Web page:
On a sultry summer day here in Toronto, Ontario, Canada, I went out to the garden to tend to some chores. Imagine my surprise, as I bent to the task of deadheading my Gaillardia, when something clipped the side of my head. Seconds later, I noticed a pair of Dog-Day Cicadas mating where they lay on the pavement of the street.
A couple of weeks earlier, this newly-emerged Dog-Day Cicada clung to a concrete sculpture in our backyard. This adult Cicada would have recently surfaced from the ground where it spent the past 2-3 years as a nymph. Once their transformation is complete, those nymphs that are fully developed emerge from the soil, but their emergence is not synchronized. Because every July and August there is a percentage of Dog-Day Cicadas that show up, they are called annuals. The nymphal stage of some species of cicadas can be as long as 17 years, and they are referred to as periodic cicadas.
Beside the newly-hatched adult Cicada and affixed also to the sculpture was the exoskeleton inside of which the nymph spent the previous stage of its life. Shortly after they hatch from eggs, nymphs tunnel into the earth where years pass as they grow through several stages of development or instars.
A female Dog-day Cicada lays her eggs on a tree limb in a slit that she fashions with her ovipositor. The puncture in the bark allows tree sap to seep out so the nymphs have ready access to sustenance when they first hatch. Once they relocate to their subterranean habitat, nymphs locate plant roots from which to acquire liquid, and they burrow from one location to another during their lengthy stay underground.
By the time a nymph has grown into an adult, it is ready to return to daylight, climb up a tree trunk and shed its exoskeleton. A cicada does not always choose a tree as a spot to await this transformation because we have found exoskeletons clinging to raspberry canes, the garage wall, our garden arbour as well as this concrete rabbit. After shedding its exoskeleton, the new adult Dog-day Cicada remains stationary until the wings inflate with liquid and its skin hardens, then it begins to seek a mate since its adult life is short.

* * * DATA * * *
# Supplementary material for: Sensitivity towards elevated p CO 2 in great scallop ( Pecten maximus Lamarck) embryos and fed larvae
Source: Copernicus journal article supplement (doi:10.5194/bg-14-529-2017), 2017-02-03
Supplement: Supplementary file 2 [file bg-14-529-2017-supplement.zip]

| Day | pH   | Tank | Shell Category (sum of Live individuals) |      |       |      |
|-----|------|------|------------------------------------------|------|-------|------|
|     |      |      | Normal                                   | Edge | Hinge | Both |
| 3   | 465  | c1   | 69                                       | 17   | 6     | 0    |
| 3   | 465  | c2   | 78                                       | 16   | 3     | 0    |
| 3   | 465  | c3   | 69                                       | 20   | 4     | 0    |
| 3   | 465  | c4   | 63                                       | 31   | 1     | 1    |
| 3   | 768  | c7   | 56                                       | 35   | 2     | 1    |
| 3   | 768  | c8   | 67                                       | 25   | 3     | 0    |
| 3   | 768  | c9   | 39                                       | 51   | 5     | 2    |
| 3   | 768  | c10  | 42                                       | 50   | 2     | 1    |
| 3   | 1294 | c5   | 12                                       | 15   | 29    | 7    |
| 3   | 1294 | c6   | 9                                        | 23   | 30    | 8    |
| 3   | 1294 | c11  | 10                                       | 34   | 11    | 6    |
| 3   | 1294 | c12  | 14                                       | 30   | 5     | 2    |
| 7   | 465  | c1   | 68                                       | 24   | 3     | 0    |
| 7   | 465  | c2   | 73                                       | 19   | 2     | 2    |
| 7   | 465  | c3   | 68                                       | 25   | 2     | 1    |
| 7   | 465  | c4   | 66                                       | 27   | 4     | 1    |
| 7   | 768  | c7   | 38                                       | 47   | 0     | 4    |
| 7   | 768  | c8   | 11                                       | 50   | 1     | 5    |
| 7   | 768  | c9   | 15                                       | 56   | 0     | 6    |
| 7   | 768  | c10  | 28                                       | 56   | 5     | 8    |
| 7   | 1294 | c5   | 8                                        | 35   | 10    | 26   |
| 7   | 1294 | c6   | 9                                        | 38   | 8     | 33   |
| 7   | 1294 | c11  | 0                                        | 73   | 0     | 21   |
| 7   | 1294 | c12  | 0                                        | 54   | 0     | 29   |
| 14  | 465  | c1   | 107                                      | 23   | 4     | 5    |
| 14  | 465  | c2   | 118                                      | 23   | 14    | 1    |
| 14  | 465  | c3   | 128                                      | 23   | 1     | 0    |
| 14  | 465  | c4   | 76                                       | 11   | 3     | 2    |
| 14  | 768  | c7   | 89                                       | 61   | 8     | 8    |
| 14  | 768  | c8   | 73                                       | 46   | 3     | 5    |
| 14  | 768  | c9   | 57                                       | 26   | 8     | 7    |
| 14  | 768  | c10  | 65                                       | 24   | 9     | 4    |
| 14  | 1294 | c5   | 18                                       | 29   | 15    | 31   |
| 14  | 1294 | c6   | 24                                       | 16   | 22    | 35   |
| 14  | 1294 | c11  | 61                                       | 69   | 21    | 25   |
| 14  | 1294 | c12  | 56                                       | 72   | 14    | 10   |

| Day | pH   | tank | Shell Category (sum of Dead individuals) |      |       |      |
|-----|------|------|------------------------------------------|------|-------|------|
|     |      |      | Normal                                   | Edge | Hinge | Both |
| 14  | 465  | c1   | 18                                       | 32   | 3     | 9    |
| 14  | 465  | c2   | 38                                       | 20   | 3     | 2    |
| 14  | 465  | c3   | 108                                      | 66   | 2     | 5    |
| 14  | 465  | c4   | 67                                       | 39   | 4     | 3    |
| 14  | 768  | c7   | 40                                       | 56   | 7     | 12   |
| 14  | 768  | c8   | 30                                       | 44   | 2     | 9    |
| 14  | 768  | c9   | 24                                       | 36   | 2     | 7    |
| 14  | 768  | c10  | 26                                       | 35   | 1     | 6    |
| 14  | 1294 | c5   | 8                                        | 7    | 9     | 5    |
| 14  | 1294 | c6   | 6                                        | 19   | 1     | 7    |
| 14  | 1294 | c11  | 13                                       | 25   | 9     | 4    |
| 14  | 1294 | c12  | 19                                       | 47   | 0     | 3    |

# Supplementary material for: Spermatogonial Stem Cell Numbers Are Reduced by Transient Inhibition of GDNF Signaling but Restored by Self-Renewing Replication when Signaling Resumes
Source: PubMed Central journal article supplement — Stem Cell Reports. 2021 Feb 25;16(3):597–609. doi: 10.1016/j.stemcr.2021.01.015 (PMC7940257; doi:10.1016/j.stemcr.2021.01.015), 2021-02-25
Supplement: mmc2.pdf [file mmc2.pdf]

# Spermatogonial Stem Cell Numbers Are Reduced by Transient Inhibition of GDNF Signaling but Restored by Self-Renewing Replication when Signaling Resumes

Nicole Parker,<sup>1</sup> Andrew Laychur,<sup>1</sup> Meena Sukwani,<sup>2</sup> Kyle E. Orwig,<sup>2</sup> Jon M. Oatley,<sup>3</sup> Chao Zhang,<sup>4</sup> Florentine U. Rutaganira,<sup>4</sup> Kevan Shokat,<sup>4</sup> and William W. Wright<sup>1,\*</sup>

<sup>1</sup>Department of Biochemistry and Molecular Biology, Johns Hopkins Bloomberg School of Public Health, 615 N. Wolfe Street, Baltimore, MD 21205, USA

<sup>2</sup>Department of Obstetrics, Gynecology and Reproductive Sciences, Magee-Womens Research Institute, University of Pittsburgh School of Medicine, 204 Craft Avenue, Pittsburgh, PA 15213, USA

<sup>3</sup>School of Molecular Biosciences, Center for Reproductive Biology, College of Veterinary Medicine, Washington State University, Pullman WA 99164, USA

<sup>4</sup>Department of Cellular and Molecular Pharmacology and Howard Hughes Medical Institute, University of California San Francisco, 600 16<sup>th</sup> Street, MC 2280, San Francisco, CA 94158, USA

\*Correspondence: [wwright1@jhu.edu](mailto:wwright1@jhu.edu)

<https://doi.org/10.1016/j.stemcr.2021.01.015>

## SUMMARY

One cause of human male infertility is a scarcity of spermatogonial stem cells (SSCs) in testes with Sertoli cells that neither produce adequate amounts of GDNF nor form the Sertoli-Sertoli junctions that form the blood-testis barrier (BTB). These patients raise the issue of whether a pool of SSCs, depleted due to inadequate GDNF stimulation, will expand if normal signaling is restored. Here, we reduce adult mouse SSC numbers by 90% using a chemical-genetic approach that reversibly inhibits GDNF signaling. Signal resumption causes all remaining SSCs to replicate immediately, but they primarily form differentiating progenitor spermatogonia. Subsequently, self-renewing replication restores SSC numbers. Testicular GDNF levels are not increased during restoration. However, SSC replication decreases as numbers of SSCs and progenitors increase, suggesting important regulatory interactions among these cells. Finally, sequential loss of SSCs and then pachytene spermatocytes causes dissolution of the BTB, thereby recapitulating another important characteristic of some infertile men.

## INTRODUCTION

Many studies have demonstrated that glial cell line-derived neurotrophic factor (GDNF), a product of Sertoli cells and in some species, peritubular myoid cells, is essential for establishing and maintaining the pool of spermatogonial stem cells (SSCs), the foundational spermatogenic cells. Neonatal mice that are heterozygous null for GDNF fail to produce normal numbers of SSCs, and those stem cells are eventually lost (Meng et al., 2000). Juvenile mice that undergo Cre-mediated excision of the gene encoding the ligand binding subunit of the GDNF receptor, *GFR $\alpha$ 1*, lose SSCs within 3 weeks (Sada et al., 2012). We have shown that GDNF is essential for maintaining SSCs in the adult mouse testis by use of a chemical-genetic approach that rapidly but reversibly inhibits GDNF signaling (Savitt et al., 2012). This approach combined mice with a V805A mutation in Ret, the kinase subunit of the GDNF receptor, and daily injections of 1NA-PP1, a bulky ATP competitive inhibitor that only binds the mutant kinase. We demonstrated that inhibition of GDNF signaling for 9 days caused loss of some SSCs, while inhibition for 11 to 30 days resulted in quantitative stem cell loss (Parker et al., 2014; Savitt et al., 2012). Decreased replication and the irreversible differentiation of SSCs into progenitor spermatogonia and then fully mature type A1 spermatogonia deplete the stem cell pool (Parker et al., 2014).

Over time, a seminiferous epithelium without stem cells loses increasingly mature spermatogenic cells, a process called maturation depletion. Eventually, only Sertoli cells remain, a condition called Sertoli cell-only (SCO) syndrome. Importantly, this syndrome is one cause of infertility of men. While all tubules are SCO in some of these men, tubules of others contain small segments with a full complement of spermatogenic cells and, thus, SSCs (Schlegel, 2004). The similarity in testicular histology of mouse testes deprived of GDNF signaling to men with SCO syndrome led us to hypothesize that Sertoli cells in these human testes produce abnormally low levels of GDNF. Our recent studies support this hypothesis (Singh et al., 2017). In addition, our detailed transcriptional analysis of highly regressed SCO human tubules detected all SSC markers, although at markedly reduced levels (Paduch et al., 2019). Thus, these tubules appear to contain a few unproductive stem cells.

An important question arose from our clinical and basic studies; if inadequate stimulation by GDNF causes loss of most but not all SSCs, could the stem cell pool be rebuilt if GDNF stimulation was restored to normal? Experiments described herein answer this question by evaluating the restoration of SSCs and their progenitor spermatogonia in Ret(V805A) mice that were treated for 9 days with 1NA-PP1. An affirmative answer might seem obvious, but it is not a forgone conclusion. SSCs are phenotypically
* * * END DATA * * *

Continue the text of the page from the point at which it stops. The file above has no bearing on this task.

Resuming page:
Getting back to the two Dog-Day Cicadas copulating at the edge of our suburban street, they provided me with unparalleled closeup views of their bodies. Two bulbous eyes set far apart on either side of a broad head, and short antennae between the compound eyes are the first characteristics I noted.
The pair of Dog-Day Cicadas were not content to remain in one spot, at least the one on the left was determined to crawl a distance toward the curb and onto some weeds that had eked out an existence in the cracked asphalt. The other cicada had no choice but to go along for the ride locked as they were together. The front wings are delightfully transparent with predominant green veins that are really noticeable near the base.
I was fascinated by the intricate colour pattern that resembled military camouflage wear. In fact, there are 3 different colour morphs of the Dog-Day Cicada, Green, Brown and Dark (almost Black). The two individuals that I was observing are Green morphs identifiable by the green with black markings on the dorsal surface behind the head and considering the green wing veins noted above.
When first I took note of the Dog-Day Cicadas on the street, of course I didn’t have a camera in my garden bucket so had to dash into the house all the while hoping they would still be where I last saw them when I returned to the end of the driveway. The process of copulating took at least 10 minutes, so after a few quick snapshots, I returned to my own work.
As a pair of adult Dog-Day Cicadas, their adult lives span a mere 4-6 weeks during which time all energy is put into finding a mate, breeding and laying eggs. When you hear the shrill, loud calls of what we used to call “hot weather bugs”, that is the adult male Dog-day Cicadas advertising for females or warning of danger. They have to be wary of predators like birds, bats, squirrels and a few species of insects.
Dog-Day Cicadas are so named because they are typically heard singing their loud buzzing and clicking noises during the hot dog days of late summer. An alternate moniker, Harvestfly, is also appropriate because their appearance coincides with the summer harvest. Because adult Cicadas spend most of their adult life in trees, they are sometimes referred to as tree crickets, but no matter what you call them, their noisy musical chorus of mating calls is a signature sound of summer.
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